The importance of being ‘slender’ in 1940s Britain isn’t truly revealed until disaster strikes near the end of this novella, set between VE Day and VJ Day.
Apparently quite whimsical and frivolous, the story charts a few months in the lives of a small group of women living in a London hostel overseen by older unmarried women. In the days when women had limited economic independence or sexual freedom, the fat girl does ‘brain work’ – even her excessive eating is forgiven as ‘for my brain’ – while the slim girls share an exotic Schiaparelli designer taffeta dress for evenings out, their primary concern being how to find a man to help them escape the building by marriage.
However, a surprising plot twist reveals that the ‘slender means’ becomes important in more ways then one to escape the building when disaster strikes in the form of a previously unexploded bomb. It would be a plot spoiler to reveal any more.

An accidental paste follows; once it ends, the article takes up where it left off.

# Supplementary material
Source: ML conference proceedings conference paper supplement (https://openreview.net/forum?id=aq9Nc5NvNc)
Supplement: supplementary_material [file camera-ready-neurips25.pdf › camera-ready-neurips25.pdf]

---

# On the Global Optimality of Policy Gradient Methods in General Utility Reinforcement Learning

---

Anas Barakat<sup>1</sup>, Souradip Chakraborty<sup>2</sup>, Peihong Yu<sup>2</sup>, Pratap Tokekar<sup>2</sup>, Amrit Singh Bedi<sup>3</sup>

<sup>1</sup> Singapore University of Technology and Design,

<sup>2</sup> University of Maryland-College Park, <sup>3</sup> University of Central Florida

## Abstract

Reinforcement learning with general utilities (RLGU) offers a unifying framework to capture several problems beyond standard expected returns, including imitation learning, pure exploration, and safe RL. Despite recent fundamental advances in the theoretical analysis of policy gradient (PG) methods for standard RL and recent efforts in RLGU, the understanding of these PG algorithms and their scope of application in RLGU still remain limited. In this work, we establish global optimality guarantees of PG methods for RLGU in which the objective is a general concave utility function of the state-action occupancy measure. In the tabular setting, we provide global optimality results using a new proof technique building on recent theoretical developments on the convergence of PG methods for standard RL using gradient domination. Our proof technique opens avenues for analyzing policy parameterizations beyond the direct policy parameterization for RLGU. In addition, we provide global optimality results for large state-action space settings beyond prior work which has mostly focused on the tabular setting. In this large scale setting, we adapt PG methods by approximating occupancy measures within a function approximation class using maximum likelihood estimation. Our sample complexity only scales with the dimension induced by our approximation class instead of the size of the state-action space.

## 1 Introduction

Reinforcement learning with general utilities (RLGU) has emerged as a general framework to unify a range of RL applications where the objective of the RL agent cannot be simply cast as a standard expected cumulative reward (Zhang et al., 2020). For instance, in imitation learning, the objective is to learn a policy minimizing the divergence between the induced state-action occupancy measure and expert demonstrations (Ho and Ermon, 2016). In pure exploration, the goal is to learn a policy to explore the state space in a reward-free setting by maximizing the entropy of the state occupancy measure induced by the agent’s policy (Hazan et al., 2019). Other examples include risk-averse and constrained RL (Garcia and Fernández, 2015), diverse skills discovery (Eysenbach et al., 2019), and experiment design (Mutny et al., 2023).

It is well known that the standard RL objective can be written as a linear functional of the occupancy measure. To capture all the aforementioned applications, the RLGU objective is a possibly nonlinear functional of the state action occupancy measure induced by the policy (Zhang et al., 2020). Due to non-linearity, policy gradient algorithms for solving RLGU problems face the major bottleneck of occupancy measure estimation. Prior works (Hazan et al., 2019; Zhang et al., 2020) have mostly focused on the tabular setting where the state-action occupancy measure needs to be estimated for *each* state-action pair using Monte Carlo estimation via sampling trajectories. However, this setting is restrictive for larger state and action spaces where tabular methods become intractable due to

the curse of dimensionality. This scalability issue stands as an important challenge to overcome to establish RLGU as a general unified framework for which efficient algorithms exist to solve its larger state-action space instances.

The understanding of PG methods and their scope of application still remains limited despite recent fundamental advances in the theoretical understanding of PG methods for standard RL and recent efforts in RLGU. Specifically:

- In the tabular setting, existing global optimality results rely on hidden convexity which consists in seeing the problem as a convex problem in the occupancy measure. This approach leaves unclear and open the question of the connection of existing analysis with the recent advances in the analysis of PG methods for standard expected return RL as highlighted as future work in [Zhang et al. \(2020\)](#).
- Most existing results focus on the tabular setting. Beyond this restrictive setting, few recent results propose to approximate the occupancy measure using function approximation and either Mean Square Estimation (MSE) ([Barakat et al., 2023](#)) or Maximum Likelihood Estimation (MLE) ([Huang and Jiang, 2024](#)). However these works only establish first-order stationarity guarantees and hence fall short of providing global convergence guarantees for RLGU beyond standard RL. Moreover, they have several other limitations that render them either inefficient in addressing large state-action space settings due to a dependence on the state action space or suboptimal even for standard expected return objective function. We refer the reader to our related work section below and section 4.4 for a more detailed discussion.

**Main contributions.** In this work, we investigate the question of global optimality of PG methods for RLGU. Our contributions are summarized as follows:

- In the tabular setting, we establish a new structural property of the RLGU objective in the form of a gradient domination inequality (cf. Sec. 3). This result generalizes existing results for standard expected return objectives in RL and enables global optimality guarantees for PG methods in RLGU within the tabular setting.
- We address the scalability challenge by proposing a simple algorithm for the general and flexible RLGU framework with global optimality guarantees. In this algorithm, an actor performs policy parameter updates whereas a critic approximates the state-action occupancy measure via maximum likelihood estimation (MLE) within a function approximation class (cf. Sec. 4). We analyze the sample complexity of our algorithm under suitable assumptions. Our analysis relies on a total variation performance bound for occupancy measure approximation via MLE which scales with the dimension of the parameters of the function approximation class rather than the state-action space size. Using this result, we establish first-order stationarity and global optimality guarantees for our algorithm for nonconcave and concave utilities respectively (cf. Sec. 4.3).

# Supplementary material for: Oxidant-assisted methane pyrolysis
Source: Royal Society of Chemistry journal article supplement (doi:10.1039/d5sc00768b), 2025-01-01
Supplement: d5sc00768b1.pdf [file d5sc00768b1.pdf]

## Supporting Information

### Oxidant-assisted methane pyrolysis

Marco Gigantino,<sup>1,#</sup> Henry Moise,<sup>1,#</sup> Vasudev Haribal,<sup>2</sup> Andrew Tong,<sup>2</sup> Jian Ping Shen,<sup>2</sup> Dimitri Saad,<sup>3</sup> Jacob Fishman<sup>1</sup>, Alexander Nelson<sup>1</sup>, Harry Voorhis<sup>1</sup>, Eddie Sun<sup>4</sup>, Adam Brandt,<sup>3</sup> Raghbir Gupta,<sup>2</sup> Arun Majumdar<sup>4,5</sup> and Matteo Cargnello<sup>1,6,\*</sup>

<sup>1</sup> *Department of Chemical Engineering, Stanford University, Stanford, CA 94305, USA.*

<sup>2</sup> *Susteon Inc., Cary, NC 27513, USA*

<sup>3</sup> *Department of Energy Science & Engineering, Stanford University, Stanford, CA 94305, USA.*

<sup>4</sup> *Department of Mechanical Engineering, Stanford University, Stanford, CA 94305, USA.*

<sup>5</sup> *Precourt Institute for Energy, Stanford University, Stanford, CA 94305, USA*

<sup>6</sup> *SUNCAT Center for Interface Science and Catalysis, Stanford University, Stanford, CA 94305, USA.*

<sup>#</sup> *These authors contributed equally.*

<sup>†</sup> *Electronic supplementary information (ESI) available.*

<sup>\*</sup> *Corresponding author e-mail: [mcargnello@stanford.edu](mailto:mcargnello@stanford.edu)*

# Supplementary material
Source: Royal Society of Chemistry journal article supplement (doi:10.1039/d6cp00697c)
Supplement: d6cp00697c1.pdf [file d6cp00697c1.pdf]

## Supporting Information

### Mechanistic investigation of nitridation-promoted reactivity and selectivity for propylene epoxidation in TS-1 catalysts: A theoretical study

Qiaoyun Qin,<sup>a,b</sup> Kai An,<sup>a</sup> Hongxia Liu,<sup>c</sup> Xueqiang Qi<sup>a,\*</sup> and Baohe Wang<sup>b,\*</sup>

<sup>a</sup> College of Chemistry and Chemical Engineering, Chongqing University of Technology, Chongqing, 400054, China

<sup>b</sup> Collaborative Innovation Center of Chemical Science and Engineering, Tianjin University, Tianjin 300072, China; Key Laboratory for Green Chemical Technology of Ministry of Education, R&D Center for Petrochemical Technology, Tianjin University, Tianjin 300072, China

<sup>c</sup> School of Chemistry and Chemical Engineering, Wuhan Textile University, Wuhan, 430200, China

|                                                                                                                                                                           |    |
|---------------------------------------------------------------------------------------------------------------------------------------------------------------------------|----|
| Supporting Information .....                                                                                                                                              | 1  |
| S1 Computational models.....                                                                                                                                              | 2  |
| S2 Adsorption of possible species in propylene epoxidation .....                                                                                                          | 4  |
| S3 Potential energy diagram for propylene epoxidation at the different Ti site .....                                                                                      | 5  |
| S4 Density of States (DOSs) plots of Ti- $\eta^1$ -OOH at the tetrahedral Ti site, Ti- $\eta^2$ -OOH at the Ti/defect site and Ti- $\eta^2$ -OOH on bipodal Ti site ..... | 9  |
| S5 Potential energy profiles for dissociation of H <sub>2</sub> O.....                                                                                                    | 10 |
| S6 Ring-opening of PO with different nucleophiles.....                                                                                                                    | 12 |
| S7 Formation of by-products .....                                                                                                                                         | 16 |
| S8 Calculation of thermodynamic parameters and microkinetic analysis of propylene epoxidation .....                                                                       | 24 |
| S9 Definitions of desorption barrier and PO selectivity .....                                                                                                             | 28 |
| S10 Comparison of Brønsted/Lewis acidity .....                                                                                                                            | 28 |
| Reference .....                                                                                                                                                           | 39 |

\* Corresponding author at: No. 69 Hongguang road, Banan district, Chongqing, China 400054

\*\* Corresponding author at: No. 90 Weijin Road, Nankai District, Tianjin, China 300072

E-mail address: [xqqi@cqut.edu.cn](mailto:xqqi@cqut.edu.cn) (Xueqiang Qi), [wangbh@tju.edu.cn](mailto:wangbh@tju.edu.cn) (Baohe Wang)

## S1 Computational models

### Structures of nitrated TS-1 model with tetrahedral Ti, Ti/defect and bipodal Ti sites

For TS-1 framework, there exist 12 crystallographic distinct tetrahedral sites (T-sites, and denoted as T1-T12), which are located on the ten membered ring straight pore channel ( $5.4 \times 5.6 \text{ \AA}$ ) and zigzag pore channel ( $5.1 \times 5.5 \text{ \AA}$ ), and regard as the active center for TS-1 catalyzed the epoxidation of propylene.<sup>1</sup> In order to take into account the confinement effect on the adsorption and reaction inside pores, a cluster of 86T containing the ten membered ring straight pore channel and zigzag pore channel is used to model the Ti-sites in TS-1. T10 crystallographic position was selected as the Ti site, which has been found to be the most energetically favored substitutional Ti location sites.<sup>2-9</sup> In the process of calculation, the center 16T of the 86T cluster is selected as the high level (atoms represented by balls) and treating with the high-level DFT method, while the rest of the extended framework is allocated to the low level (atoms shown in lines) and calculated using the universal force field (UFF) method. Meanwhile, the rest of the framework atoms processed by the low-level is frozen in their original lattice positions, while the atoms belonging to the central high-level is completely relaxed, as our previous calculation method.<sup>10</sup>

This story seems at first quite quaint and dated in the 21st century and as a metaphor could probably only have been written in the 60s when women’s role and rights in society were changing, but in a celebrity-driven world of objectification and sex-based culture wars, it serves as a reminder of how short a time it has been since women won the independence we have now.
The Girls of Slender Means is a novella by Muriel Spark published in 1963 when she was 45 and I was 3.